5th Sunday of Lent
Written in their hearts
God chose the Israelites as His special people and revealed Himself and His law to them. Out of Israel came His divine Son, who revealed God even more fully, and gave us the law of love. But throughout human history there have been many wise men of every nation who have known neither the Old Testament nor the New, yet have taught many of the same truths.
Take Confucius, the Chinese moralist who lived in 552-479 BC, and is still revered by the Chinese as a master counselor. A man of high intelligence and compassion, Confucius tried to reform society in China by teaching practical wisdom to a small group of men who were destined to hold high public office. Here are some of the ideas he passed on to them.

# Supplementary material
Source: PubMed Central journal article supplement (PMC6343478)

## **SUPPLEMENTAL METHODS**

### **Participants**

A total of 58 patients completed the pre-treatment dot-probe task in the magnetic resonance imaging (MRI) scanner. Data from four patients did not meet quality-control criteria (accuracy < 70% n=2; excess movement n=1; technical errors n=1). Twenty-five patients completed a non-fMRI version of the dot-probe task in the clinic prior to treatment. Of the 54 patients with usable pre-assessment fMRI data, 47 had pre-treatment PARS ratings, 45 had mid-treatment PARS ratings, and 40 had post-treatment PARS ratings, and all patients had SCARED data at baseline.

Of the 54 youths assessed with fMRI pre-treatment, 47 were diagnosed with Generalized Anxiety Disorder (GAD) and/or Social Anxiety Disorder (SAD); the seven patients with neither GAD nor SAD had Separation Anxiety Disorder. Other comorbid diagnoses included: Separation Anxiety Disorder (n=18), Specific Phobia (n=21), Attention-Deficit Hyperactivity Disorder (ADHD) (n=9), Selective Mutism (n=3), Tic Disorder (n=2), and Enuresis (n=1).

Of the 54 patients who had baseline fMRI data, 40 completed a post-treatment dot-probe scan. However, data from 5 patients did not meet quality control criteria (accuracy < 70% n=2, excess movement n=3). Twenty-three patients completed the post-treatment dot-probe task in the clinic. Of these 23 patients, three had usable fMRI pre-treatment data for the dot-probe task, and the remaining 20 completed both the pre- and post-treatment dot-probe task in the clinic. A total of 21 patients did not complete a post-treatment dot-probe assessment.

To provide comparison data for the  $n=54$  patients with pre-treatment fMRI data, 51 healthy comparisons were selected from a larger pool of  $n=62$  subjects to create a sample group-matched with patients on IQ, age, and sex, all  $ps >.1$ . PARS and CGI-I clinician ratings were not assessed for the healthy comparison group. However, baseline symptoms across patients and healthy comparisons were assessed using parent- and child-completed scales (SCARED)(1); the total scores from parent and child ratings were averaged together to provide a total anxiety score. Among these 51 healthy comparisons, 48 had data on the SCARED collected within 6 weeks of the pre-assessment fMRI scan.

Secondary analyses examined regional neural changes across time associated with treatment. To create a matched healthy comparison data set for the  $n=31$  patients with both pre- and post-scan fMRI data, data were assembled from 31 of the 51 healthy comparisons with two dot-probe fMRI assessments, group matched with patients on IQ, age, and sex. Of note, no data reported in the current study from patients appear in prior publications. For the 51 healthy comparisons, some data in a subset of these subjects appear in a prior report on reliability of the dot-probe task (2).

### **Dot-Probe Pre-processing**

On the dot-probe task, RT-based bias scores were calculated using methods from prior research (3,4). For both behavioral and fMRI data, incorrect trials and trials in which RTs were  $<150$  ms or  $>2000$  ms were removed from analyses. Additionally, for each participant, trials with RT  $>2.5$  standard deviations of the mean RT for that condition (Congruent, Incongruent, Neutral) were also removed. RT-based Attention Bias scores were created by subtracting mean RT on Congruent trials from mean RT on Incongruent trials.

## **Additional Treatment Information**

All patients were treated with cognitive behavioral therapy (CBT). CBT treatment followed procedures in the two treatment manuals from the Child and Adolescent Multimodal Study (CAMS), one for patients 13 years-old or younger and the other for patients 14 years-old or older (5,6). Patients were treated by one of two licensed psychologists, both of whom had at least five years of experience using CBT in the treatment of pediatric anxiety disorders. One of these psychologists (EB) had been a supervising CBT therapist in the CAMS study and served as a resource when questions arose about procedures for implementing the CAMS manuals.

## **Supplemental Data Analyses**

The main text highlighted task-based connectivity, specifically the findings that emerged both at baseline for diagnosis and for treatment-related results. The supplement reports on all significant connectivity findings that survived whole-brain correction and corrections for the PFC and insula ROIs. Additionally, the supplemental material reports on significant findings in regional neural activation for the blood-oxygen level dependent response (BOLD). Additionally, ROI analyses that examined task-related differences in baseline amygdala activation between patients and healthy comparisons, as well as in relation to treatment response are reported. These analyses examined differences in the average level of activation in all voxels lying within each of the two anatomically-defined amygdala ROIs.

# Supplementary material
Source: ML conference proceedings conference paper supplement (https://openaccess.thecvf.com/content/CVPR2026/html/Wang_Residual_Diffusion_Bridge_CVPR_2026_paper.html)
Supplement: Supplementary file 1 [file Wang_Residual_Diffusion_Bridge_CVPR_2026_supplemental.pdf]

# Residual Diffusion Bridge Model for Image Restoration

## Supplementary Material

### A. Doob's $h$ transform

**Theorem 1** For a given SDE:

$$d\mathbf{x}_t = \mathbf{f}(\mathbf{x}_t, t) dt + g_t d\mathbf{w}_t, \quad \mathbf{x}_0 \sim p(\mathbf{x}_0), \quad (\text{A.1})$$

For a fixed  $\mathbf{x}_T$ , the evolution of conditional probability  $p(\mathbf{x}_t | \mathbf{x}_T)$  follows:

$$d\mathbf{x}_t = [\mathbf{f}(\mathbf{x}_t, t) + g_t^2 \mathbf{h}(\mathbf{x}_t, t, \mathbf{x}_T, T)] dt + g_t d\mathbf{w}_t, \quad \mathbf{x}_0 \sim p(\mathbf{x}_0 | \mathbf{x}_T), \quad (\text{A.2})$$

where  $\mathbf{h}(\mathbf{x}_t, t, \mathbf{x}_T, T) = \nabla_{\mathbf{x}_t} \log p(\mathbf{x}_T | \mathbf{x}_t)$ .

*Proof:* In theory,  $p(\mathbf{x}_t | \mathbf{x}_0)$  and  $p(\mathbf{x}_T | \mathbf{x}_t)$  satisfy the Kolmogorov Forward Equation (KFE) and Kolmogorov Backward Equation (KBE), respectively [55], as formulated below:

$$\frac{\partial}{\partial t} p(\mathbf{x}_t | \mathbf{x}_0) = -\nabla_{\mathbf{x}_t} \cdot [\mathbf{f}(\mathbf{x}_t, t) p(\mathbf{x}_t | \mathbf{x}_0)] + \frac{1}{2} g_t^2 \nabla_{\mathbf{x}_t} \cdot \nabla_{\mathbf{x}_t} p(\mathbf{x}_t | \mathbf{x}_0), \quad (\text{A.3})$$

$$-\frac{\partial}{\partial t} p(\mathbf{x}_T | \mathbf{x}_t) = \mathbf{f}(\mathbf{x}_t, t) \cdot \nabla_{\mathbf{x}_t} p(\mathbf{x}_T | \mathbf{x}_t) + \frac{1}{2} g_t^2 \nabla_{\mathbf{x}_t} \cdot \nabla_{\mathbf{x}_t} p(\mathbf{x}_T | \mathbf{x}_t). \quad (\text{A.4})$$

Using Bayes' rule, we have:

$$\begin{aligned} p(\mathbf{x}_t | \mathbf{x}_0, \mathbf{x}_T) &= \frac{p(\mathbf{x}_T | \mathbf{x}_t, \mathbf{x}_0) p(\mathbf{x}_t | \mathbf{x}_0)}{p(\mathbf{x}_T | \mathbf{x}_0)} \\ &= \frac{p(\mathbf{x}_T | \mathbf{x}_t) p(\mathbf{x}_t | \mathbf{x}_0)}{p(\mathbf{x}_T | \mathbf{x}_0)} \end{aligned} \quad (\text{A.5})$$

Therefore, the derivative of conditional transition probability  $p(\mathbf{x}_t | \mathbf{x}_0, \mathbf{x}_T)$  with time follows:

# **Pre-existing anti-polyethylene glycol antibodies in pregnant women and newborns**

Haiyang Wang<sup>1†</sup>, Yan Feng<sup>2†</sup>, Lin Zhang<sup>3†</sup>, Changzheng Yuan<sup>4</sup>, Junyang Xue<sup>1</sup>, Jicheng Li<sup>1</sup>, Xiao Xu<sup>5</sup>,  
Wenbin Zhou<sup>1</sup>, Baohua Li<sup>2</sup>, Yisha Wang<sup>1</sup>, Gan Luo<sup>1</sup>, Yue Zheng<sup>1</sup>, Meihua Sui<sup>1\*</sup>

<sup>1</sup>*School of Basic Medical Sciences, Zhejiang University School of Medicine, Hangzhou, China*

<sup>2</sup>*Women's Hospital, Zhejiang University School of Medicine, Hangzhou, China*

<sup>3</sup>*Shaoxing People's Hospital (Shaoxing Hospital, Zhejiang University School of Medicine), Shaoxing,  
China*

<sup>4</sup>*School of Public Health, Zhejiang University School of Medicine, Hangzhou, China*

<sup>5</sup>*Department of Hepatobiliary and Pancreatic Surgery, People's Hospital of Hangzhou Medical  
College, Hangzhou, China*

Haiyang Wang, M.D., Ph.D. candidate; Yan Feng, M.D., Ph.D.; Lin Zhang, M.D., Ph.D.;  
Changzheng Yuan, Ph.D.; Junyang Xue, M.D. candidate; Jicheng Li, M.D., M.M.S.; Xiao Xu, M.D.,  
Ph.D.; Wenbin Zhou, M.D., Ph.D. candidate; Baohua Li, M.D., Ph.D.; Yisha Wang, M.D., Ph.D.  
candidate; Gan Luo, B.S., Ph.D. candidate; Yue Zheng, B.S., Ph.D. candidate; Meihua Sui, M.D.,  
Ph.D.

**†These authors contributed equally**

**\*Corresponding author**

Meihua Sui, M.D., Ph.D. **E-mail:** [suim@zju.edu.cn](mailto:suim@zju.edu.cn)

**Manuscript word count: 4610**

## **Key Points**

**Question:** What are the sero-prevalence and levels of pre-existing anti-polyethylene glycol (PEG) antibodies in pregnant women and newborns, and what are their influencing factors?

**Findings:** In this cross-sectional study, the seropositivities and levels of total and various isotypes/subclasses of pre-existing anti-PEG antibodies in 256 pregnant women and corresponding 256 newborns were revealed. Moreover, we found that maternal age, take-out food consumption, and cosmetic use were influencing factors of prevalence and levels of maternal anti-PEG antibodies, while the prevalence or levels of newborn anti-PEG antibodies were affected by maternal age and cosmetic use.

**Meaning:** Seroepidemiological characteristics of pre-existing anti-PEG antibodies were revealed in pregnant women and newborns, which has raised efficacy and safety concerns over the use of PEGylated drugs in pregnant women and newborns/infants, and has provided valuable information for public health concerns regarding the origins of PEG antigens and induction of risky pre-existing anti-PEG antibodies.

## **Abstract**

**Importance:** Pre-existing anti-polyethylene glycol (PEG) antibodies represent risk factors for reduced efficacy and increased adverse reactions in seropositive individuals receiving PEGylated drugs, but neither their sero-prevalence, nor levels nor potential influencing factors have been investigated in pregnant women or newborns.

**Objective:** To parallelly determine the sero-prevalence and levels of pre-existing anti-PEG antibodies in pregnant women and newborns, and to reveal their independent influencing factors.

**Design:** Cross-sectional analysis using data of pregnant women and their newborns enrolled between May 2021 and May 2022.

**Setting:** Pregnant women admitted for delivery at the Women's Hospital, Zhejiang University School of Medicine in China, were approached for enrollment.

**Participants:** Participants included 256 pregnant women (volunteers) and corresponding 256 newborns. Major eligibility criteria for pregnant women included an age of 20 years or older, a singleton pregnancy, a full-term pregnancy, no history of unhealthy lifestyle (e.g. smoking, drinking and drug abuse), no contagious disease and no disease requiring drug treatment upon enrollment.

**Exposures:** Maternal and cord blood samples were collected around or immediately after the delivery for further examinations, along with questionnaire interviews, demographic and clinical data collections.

"God is the creator of all men." "There is the great God; does He hate anyone?" "The superior man exalts others and abases himself; he gives the first place to others and takes the last himself." "The practice of right living is deemed the highest . . . complete virtue takes first place." "Do not commence or abandon anything hastily." "While his parents are alive, a son should not consider his wealth his own nor hold it for his use only." "What you do not want done to yourself, do not do unto others." "The body and the animal soul go downwards and the intelligent spirit is on high."
These were wise sayings, indeed, and Confucius had many admiring pupils who carried on his work as a teacher. One of them, Mencius, who lived in the third century BC, was the author of one axiom that was particularly discerning: "The great man is he who does not lose his child's heart."